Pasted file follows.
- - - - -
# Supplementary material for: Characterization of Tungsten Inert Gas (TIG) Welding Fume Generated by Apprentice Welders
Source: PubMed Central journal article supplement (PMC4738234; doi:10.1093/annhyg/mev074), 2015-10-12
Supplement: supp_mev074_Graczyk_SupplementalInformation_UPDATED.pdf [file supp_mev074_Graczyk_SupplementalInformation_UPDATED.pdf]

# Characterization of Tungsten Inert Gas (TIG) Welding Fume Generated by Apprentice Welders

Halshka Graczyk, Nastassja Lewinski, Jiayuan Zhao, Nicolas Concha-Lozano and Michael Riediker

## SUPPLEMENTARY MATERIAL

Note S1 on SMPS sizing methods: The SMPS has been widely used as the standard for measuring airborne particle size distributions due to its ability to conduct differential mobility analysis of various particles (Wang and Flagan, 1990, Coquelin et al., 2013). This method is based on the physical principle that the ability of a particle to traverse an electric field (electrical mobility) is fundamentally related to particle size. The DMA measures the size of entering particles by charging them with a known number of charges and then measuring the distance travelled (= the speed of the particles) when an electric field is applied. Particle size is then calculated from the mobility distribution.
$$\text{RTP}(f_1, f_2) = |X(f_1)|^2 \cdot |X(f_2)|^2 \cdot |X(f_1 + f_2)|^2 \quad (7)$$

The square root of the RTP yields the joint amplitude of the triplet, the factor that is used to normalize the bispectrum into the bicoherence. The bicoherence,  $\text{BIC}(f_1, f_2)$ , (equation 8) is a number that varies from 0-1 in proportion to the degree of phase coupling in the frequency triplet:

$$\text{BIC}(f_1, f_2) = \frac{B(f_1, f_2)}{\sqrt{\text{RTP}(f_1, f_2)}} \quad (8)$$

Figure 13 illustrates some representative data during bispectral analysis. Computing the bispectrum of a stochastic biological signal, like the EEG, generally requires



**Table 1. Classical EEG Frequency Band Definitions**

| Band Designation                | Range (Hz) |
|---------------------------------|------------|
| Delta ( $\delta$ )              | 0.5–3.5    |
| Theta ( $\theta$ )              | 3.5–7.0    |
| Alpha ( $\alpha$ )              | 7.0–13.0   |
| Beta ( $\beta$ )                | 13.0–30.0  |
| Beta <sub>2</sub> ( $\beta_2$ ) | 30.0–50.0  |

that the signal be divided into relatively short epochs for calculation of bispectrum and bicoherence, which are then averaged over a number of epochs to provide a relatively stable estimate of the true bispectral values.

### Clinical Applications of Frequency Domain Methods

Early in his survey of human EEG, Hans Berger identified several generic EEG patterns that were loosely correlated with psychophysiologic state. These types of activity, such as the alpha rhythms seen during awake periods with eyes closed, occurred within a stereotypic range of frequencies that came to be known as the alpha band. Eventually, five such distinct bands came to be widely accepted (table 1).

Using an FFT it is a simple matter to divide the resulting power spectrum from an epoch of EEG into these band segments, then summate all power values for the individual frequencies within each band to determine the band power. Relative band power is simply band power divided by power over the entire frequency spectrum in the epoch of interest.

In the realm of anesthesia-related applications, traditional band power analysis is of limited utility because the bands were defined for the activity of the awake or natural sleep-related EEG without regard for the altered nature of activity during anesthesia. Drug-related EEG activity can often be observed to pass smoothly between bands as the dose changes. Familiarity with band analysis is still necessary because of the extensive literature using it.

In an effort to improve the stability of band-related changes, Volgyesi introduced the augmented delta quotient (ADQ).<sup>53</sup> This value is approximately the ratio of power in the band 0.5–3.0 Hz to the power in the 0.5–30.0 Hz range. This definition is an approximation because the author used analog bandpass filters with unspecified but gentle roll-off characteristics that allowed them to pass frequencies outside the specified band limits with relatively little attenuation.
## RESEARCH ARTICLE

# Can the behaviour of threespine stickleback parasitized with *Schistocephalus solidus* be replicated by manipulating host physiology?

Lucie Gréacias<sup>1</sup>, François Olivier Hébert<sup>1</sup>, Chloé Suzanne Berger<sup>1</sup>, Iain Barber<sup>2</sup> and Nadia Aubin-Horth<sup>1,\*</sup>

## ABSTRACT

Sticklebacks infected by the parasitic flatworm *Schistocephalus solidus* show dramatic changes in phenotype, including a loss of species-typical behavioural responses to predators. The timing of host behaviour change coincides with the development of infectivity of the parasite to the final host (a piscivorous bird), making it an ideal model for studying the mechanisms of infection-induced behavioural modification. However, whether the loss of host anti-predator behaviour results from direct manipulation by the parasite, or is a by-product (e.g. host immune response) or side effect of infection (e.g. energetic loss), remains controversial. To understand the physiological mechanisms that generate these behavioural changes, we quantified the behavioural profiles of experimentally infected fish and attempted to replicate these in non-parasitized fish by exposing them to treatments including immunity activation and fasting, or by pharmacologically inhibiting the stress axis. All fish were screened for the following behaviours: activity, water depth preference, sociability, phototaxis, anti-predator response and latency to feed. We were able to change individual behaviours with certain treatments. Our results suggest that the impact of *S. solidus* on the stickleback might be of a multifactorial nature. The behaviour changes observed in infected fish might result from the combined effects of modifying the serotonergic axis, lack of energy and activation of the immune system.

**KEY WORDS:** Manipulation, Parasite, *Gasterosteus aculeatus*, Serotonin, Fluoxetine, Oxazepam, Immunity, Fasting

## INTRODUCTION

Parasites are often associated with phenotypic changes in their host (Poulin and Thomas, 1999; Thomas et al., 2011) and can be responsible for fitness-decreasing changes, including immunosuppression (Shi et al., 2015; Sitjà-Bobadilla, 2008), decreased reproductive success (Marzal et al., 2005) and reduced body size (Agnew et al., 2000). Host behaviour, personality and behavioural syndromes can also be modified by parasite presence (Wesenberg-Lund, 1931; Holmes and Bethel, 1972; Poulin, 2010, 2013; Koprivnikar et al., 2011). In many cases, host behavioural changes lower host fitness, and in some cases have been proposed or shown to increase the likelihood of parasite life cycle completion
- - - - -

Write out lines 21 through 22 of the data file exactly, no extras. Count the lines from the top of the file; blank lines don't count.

### Clinical Applications of Frequency Domain Methods

Early in his survey of human EEG, Hans Berger identified several generic EEG patterns that were loosely correlated with psychophysiologic state. These types of activity, such as the alpha rhythms seen during awake periods with eyes closed, occurred within a stereotypic range of frequencies that came to be known as the alpha band. Eventually, five such distinct bands came to be widely accepted (table 1).